Florida statute section 933.09--sometimes called Florida's version of the so-called knock-and-announce rule--states that a police officer "may break open any outer door, inner door or window of a house, or any part of a house or anything therein, to execute [a] warrant, if after due notice of the officer's authority and purpose he or she is refused admittance to said house or access to anything therein." But what if the police do not give you "due notice?" What if they do not first knock on your door and announce their presence before breaking your door down and entering your home with guns drawn?
Before the United States Supreme Court's decision in Hudson v. Michigan in 2006, the law had been that if the police entered a home with a warrant but without first knocking and announcing their presence any evidence seized by the police following their illegal entry--evidence such as drugs or guns--would be thrown out of court. The result in many instances was that the case against the owner of the home had to be dropped by the prosecution.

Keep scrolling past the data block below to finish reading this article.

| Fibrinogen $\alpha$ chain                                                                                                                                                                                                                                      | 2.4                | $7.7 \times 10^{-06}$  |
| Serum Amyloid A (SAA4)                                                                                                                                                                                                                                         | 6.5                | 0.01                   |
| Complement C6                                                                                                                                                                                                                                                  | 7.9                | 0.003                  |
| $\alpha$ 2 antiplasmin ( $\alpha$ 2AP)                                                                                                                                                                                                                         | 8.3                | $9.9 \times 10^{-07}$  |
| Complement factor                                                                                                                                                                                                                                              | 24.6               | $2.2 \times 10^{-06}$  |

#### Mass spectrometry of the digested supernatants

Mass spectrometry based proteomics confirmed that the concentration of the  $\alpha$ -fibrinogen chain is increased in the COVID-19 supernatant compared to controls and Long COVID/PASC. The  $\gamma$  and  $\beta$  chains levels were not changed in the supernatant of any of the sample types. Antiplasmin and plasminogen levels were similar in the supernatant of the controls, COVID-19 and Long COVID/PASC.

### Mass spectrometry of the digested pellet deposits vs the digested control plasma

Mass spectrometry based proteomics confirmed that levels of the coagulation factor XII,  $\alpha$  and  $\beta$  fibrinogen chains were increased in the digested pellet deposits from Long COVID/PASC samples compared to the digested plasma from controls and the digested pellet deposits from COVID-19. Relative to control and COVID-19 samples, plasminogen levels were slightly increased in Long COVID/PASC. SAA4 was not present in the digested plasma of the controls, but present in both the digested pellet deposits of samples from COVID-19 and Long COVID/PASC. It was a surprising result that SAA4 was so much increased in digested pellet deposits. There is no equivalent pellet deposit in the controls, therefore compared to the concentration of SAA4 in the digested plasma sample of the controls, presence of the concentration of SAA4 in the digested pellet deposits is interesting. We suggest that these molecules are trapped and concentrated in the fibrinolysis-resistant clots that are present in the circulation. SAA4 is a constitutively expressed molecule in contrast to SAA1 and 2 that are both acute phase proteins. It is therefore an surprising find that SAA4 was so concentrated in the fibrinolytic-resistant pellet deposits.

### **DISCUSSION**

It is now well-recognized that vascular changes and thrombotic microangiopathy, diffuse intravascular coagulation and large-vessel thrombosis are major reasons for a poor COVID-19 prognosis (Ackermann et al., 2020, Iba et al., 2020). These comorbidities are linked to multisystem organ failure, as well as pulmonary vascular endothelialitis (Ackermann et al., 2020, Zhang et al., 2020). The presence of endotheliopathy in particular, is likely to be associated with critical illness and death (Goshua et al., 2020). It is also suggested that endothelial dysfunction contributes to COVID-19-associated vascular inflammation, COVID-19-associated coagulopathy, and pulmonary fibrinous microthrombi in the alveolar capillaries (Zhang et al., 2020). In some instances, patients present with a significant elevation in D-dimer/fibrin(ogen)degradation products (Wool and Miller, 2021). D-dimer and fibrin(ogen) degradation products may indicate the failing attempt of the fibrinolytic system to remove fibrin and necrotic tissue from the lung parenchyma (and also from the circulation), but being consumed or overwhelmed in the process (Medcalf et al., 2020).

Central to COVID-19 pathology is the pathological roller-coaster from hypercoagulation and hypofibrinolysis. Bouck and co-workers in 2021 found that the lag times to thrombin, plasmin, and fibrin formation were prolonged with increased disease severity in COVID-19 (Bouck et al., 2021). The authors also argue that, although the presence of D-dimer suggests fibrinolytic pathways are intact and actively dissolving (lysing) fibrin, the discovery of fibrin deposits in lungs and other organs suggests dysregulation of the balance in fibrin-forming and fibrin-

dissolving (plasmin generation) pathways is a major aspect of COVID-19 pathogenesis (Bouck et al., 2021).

But then came Hudson. In that case, the Court correctly observed that the knock-and-announce rule has historically protected such interests as:
1. The physical safety of a home's occupants because an unannounced entry by the police may provoke violence from a surprised resident;
2. Property interest because the owner of a home would probably open his front door voluntarily if the police first announced their presence rather than allowing the police to break it down; and
3. The privacy and dignity of a home that is offended if the police enter it unexpectedly and forcefully.
But then the Hudson Court fundamentally changed existing law by ruling that judges are not required to throw out incriminating evidence whenever the police violate the knock-and-announce rule. That is because the police can be deterred from breaking that rule by other means such as civil-rights lawsuits and the increasing professionalism of police forces which includes a new emphasis on internal police discipline.
Internal police discipline? All that one has to do in order to see numerous modern-day examples of police officers who lack internal discipline is go to YouTube and type in the query "police brutality." Perhaps if the members of our Supreme Court had done just that prior to deciding Hudson, the outcome of that particular case would have been far different.